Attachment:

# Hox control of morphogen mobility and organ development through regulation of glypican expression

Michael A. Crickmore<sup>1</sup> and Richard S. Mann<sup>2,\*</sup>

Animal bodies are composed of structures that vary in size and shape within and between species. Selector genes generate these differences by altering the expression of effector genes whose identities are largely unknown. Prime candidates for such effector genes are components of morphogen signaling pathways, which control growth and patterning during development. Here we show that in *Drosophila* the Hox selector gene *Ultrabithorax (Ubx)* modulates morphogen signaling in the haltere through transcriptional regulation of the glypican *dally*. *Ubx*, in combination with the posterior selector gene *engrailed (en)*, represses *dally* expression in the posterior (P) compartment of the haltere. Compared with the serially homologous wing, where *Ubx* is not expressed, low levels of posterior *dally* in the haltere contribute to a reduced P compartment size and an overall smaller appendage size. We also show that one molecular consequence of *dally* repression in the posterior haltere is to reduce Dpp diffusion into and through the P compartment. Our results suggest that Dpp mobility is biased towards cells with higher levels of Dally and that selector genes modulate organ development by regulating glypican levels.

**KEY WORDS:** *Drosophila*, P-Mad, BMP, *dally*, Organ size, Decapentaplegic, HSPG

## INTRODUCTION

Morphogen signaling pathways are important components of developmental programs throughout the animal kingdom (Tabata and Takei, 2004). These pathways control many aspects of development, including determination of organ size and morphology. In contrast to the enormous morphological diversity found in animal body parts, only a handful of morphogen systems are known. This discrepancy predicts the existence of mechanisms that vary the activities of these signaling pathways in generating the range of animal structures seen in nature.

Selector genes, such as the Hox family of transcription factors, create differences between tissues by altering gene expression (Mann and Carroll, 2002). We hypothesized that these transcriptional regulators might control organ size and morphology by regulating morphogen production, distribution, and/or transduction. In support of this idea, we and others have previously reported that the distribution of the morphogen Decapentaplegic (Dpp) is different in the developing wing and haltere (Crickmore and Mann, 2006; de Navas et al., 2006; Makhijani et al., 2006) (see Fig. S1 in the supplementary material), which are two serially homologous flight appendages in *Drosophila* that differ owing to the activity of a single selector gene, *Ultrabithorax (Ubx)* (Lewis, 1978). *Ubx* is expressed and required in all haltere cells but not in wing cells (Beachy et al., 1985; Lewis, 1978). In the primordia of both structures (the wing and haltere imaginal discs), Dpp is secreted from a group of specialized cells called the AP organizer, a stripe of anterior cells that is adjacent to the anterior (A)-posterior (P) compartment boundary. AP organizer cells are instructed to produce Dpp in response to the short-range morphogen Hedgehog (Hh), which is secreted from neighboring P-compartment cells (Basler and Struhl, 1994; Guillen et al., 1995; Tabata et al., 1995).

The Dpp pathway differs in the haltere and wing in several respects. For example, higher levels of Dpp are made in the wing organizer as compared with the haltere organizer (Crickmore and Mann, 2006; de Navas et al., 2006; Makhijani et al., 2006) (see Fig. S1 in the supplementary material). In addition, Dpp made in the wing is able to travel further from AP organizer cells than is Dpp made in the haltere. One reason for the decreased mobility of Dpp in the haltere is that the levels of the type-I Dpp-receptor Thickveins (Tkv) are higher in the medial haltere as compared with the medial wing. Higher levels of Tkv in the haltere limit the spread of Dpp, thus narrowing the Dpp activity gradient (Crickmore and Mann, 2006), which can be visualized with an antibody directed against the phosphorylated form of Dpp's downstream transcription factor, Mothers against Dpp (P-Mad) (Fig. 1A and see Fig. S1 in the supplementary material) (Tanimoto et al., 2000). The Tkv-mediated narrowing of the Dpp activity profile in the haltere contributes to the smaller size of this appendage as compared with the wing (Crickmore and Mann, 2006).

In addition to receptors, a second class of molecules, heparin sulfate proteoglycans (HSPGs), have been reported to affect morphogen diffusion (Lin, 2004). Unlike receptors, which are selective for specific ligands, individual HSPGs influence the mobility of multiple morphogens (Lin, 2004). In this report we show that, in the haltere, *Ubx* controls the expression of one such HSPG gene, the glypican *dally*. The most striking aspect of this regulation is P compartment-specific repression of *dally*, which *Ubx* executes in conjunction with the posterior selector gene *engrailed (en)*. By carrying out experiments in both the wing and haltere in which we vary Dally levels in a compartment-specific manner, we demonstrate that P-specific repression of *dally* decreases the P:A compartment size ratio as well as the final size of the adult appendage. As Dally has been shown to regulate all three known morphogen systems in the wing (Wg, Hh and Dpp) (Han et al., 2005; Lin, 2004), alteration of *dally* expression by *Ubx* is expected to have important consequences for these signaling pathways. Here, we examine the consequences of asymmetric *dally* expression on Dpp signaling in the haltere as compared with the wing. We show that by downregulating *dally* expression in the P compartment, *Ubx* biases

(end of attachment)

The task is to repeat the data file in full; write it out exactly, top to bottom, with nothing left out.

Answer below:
# Hox control of morphogen mobility and organ development through regulation of glypican expression

Michael A. Crickmore<sup>1</sup> and Richard S. Mann<sup>2,\*</sup>

Animal bodies are composed of structures that vary in size and shape within and between species. Selector genes generate these differences by altering the expression of effector genes whose identities are largely unknown. Prime candidates for such effector genes are components of morphogen signaling pathways, which control growth and patterning during development. Here we show that in *Drosophila* the Hox selector gene *Ultrabithorax (Ubx)* modulates morphogen signaling in the haltere through transcriptional regulation of the glypican *dally*. *Ubx*, in combination with the posterior selector gene *engrailed (en)*, represses *dally* expression in the posterior (P) compartment of the haltere. Compared with the serially homologous wing, where *Ubx* is not expressed, low levels of posterior *dally* in the haltere contribute to a reduced P compartment size and an overall smaller appendage size. We also show that one molecular consequence of *dally* repression in the posterior haltere is to reduce Dpp diffusion into and through the P compartment. Our results suggest that Dpp mobility is biased towards cells with higher levels of Dally and that selector genes modulate organ development by regulating glypican levels.

**KEY WORDS:** *Drosophila*, P-Mad, BMP, *dally*, Organ size, Decapentaplegic, HSPG

## INTRODUCTION

Morphogen signaling pathways are important components of developmental programs throughout the animal kingdom (Tabata and Takei, 2004). These pathways control many aspects of development, including determination of organ size and morphology. In contrast to the enormous morphological diversity found in animal body parts, only a handful of morphogen systems are known. This discrepancy predicts the existence of mechanisms that vary the activities of these signaling pathways in generating the range of animal structures seen in nature.

Selector genes, such as the Hox family of transcription factors, create differences between tissues by altering gene expression (Mann and Carroll, 2002). We hypothesized that these transcriptional regulators might control organ size and morphology by regulating morphogen production, distribution, and/or transduction. In support of this idea, we and others have previously reported that the distribution of the morphogen Decapentaplegic (Dpp) is different in the developing wing and haltere (Crickmore and Mann, 2006; de Navas et al., 2006; Makhijani et al., 2006) (see Fig. S1 in the supplementary material), which are two serially homologous flight appendages in *Drosophila* that differ owing to the activity of a single selector gene, *Ultrabithorax (Ubx)* (Lewis, 1978). *Ubx* is expressed and required in all haltere cells but not in wing cells (Beachy et al., 1985; Lewis, 1978). In the primordia of both structures (the wing and haltere imaginal discs), Dpp is secreted from a group of specialized cells called the AP organizer, a stripe of anterior cells that is adjacent to the anterior (A)-posterior (P) compartment boundary. AP organizer cells are instructed to produce Dpp in response to the short-range morphogen Hedgehog (Hh), which is secreted from neighboring P-compartment cells (Basler and Struhl, 1994; Guillen et al., 1995; Tabata et al., 1995).

The Dpp pathway differs in the haltere and wing in several respects. For example, higher levels of Dpp are made in the wing organizer as compared with the haltere organizer (Crickmore and Mann, 2006; de Navas et al., 2006; Makhijani et al., 2006) (see Fig. S1 in the supplementary material). In addition, Dpp made in the wing is able to travel further from AP organizer cells than is Dpp made in the haltere. One reason for the decreased mobility of Dpp in the haltere is that the levels of the type-I Dpp-receptor Thickveins (Tkv) are higher in the medial haltere as compared with the medial wing. Higher levels of Tkv in the haltere limit the spread of Dpp, thus narrowing the Dpp activity gradient (Crickmore and Mann, 2006), which can be visualized with an antibody directed against the phosphorylated form of Dpp's downstream transcription factor, Mothers against Dpp (P-Mad) (Fig. 1A and see Fig. S1 in the supplementary material) (Tanimoto et al., 2000). The Tkv-mediated narrowing of the Dpp activity profile in the haltere contributes to the smaller size of this appendage as compared with the wing (Crickmore and Mann, 2006).

In addition to receptors, a second class of molecules, heparin sulfate proteoglycans (HSPGs), have been reported to affect morphogen diffusion (Lin, 2004). Unlike receptors, which are selective for specific ligands, individual HSPGs influence the mobility of multiple morphogens (Lin, 2004). In this report we show that, in the haltere, *Ubx* controls the expression of one such HSPG gene, the glypican *dally*. The most striking aspect of this regulation is P compartment-specific repression of *dally*, which *Ubx* executes in conjunction with the posterior selector gene *engrailed (en)*. By carrying out experiments in both the wing and haltere in which we vary Dally levels in a compartment-specific manner, we demonstrate that P-specific repression of *dally* decreases the P:A compartment size ratio as well as the final size of the adult appendage. As Dally has been shown to regulate all three known morphogen systems in the wing (Wg, Hh and Dpp) (Han et al., 2005; Lin, 2004), alteration of *dally* expression by *Ubx* is expected to have important consequences for these signaling pathways. Here, we examine the consequences of asymmetric *dally* expression on Dpp signaling in the haltere as compared with the wing. We show that by downregulating *dally* expression in the P compartment, *Ubx* biases